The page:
Although I don't feel that I made an incorrect choice in my endorsement of Jane Norton for US Senate, I'm thinking that from the point of view of not coloring how people read my writing, I should in the future avoid endorsing anyone in a Republican primary except when there's a massive difference between candidates.
As I have not endorsed either Maes or McInnis (because I think they're both poor candidates), I probably should not have endorsed anyone in the Norton/Buck race because they're both good candidates. Again, this isn't to say that I don't support Norton. But I think public support distracts me from writing what I want and causes readers to question much of my writing on the topic as potentially biased...which is not an unfair question of someone who has endorsed a candidate.
It also gets tiresome to have so many readers repeatedly assign motivations to me such as being an "establishment windbag" when I've made my reasoning clear over and over and when such charges against me are laughable. Well, I may be a windbag, but I'm not establishment. It's a bad use of my time to refute these charges but I sorta feel like I need to.
I can also imagine that endorsing a candidate might make any writer a little less critical of something that candidate does or says which one normally wouldn't like, or more critical of the opposing candidate. I think I've done a pretty good job on this score, having pointed out several things I haven't liked in Jane's campaign (both policy and tactics), and having pointed out several things I did like about Ken Buck. But still, it's an unnecessary inclination to burden myself with.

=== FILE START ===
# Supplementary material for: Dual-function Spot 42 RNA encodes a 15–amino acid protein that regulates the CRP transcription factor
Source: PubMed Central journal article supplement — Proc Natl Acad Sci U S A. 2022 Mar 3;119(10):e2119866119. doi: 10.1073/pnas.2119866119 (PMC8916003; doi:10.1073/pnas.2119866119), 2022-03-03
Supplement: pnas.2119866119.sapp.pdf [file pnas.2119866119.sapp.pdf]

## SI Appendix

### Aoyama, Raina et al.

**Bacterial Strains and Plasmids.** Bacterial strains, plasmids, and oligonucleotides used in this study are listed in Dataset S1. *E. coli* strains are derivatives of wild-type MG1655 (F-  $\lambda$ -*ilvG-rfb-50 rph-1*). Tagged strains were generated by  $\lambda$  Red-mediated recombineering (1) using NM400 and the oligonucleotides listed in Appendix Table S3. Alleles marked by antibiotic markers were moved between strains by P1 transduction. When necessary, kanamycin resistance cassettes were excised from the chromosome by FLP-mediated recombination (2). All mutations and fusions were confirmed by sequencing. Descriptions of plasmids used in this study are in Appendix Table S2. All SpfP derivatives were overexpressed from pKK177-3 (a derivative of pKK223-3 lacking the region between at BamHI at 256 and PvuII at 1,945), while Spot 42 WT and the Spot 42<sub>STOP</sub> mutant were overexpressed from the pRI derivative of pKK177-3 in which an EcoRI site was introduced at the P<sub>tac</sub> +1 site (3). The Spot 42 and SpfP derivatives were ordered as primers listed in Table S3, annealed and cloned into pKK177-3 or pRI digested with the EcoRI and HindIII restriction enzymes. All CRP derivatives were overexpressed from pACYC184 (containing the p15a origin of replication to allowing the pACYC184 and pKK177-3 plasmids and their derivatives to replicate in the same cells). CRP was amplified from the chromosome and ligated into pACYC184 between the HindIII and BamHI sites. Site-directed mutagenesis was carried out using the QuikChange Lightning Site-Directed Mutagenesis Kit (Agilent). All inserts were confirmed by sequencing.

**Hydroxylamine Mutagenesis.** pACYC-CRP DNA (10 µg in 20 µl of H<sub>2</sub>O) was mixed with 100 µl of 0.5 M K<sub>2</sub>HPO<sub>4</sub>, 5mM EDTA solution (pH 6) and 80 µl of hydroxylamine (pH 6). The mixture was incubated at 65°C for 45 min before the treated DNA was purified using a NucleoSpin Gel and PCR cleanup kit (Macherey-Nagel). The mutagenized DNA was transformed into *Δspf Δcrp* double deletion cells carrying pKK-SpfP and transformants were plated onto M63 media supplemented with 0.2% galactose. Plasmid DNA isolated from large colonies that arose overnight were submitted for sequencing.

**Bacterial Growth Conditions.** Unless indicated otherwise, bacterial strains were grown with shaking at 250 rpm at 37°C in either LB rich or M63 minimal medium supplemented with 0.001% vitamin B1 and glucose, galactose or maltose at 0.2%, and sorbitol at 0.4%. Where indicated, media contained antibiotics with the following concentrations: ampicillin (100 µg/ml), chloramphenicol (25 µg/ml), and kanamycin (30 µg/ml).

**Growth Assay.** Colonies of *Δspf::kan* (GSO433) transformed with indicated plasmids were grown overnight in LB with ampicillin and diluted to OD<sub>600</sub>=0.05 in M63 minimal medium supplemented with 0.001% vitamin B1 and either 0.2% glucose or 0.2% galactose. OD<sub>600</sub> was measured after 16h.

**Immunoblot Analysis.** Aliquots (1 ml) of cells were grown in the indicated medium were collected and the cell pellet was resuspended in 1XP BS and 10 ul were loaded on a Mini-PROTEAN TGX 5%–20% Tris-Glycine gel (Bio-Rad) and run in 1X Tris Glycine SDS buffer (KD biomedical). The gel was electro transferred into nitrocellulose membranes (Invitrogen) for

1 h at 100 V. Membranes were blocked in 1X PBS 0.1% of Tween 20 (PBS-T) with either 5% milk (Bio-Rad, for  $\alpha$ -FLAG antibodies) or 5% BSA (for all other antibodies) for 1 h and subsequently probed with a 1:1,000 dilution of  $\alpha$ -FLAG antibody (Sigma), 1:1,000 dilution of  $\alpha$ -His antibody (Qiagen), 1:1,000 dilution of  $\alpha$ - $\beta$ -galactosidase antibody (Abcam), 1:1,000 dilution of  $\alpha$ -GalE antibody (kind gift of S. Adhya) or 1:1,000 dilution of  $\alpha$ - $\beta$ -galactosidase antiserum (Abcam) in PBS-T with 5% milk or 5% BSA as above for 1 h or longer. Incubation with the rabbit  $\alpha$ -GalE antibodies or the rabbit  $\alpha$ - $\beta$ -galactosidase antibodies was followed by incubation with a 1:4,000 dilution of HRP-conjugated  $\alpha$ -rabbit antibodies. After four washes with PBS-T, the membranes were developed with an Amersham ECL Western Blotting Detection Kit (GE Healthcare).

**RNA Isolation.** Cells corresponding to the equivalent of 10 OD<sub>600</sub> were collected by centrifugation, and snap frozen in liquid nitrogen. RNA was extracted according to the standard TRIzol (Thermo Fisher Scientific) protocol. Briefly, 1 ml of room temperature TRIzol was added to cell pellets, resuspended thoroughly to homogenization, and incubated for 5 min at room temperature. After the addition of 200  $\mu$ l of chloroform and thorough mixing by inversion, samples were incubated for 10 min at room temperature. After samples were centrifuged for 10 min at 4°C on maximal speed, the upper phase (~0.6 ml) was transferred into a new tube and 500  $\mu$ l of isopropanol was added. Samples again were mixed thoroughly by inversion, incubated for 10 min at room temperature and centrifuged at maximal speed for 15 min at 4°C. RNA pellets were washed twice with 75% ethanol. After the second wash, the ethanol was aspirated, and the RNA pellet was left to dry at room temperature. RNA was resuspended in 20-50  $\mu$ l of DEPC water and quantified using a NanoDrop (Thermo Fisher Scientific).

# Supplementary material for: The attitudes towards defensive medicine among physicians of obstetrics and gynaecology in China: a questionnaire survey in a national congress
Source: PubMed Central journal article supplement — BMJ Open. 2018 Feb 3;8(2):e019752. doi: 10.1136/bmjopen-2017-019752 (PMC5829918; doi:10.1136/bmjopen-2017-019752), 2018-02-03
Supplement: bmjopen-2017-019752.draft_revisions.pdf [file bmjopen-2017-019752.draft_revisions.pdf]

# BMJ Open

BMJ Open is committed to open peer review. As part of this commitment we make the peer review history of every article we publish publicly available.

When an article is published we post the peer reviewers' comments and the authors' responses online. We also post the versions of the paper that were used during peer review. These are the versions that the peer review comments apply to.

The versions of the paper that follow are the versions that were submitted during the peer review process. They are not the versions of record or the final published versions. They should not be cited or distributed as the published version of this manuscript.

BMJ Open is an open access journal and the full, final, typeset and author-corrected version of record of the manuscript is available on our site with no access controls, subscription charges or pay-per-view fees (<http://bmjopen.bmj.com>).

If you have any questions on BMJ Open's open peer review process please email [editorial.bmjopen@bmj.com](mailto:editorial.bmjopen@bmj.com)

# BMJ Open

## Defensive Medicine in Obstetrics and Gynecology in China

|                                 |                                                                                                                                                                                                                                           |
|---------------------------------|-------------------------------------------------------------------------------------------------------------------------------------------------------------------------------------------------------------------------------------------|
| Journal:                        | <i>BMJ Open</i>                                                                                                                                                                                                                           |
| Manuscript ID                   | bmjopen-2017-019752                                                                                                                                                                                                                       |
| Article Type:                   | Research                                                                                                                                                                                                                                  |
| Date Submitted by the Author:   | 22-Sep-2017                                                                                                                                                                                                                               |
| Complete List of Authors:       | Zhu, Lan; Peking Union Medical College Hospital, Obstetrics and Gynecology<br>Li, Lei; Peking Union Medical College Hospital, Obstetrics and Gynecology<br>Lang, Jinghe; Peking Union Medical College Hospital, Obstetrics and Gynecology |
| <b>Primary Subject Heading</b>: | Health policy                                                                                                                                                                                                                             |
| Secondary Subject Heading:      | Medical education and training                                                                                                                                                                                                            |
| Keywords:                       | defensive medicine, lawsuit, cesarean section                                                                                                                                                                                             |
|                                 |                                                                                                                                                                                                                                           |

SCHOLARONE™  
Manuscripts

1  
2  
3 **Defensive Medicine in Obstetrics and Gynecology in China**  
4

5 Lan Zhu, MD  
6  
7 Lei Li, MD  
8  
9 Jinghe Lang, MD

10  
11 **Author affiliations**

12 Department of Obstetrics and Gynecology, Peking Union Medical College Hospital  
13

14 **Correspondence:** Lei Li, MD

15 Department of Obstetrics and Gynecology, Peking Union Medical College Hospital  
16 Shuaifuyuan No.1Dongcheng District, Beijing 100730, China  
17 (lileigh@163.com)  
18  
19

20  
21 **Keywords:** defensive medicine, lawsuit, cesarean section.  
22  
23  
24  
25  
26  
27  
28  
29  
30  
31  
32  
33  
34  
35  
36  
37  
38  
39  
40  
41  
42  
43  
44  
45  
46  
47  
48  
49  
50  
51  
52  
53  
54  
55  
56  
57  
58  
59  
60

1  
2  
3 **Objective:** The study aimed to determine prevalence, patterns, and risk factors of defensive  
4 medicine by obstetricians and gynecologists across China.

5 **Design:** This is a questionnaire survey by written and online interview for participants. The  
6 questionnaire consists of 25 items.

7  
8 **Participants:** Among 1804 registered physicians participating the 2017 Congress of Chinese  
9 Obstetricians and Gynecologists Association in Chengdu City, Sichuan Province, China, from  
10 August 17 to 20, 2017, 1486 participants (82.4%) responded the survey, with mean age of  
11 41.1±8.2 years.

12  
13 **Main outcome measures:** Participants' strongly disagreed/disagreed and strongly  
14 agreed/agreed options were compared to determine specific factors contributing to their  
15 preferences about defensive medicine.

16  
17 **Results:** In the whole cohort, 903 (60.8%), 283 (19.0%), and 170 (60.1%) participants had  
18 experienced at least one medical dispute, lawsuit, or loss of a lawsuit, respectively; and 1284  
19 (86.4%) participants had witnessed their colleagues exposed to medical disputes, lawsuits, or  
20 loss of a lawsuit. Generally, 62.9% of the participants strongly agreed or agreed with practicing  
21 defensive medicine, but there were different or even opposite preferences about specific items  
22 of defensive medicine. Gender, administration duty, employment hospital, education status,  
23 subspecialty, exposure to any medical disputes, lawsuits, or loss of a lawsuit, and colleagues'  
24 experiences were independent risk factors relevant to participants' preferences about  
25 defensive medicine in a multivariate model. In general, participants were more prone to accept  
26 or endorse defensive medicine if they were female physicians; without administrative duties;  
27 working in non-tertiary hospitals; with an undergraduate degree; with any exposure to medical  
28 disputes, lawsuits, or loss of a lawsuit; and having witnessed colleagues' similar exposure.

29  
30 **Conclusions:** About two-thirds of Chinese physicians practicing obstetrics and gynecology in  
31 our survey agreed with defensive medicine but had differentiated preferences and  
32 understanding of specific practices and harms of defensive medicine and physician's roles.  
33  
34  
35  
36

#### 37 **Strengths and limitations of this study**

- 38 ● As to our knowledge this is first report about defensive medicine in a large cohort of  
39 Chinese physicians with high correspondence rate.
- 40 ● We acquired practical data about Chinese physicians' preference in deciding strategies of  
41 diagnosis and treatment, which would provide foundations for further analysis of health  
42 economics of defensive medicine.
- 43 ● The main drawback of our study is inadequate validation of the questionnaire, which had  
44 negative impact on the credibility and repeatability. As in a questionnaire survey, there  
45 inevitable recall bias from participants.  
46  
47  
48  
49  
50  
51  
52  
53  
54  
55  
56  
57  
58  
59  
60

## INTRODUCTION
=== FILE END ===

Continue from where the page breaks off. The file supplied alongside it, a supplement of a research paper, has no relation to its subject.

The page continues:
All in all, having made myself somewhat of a lightning rod in this campaign has been an interesting, though not thoroughly enjoyable, experience. I've certainly learned a lot about the nature of political activists, most of it making me think that Republicans aren't nearly as much better than Democrats as I had hoped (in terms of behavior, not in terms of policy positions.) In that sense, what I've learned about many of my readers has been quite a disappointment. (For the record, I don't assume that nobody out there is disappointed with me. I've gotten plenty of hate mail. But that comes with the territory and I have a tough skin about such things since I'm reasonably sure that I'm doing what I'm doing the right way and for the right reasons. I assume the people whom I'm disappointed with feel the same way about themselves. And maybe they're right, but I just don't see it that way. In any case, at least we don't kill each other over such disagreements in this country.)
All these things together lead me to believe that most of my blogging brethren who chose not to endorse a candidate were wiser than I am.
So, while I'm quite comfortable with my endorsement of Jane Norton in this race, in the future I'm only going to endorse a candidate in a Republican primary if there is a candidate who is substantially better than the other(s). (Or I might negatively endorse, i.e. suggest voters stay away from, a candidate who is substantially worse than the others in a multi-candidate race.) There's little gain and much downside for me in endorsing a candidate in a race with two about-equal candidates, whether they're equally good (like our senate race) or equally bad (like our governor's race).
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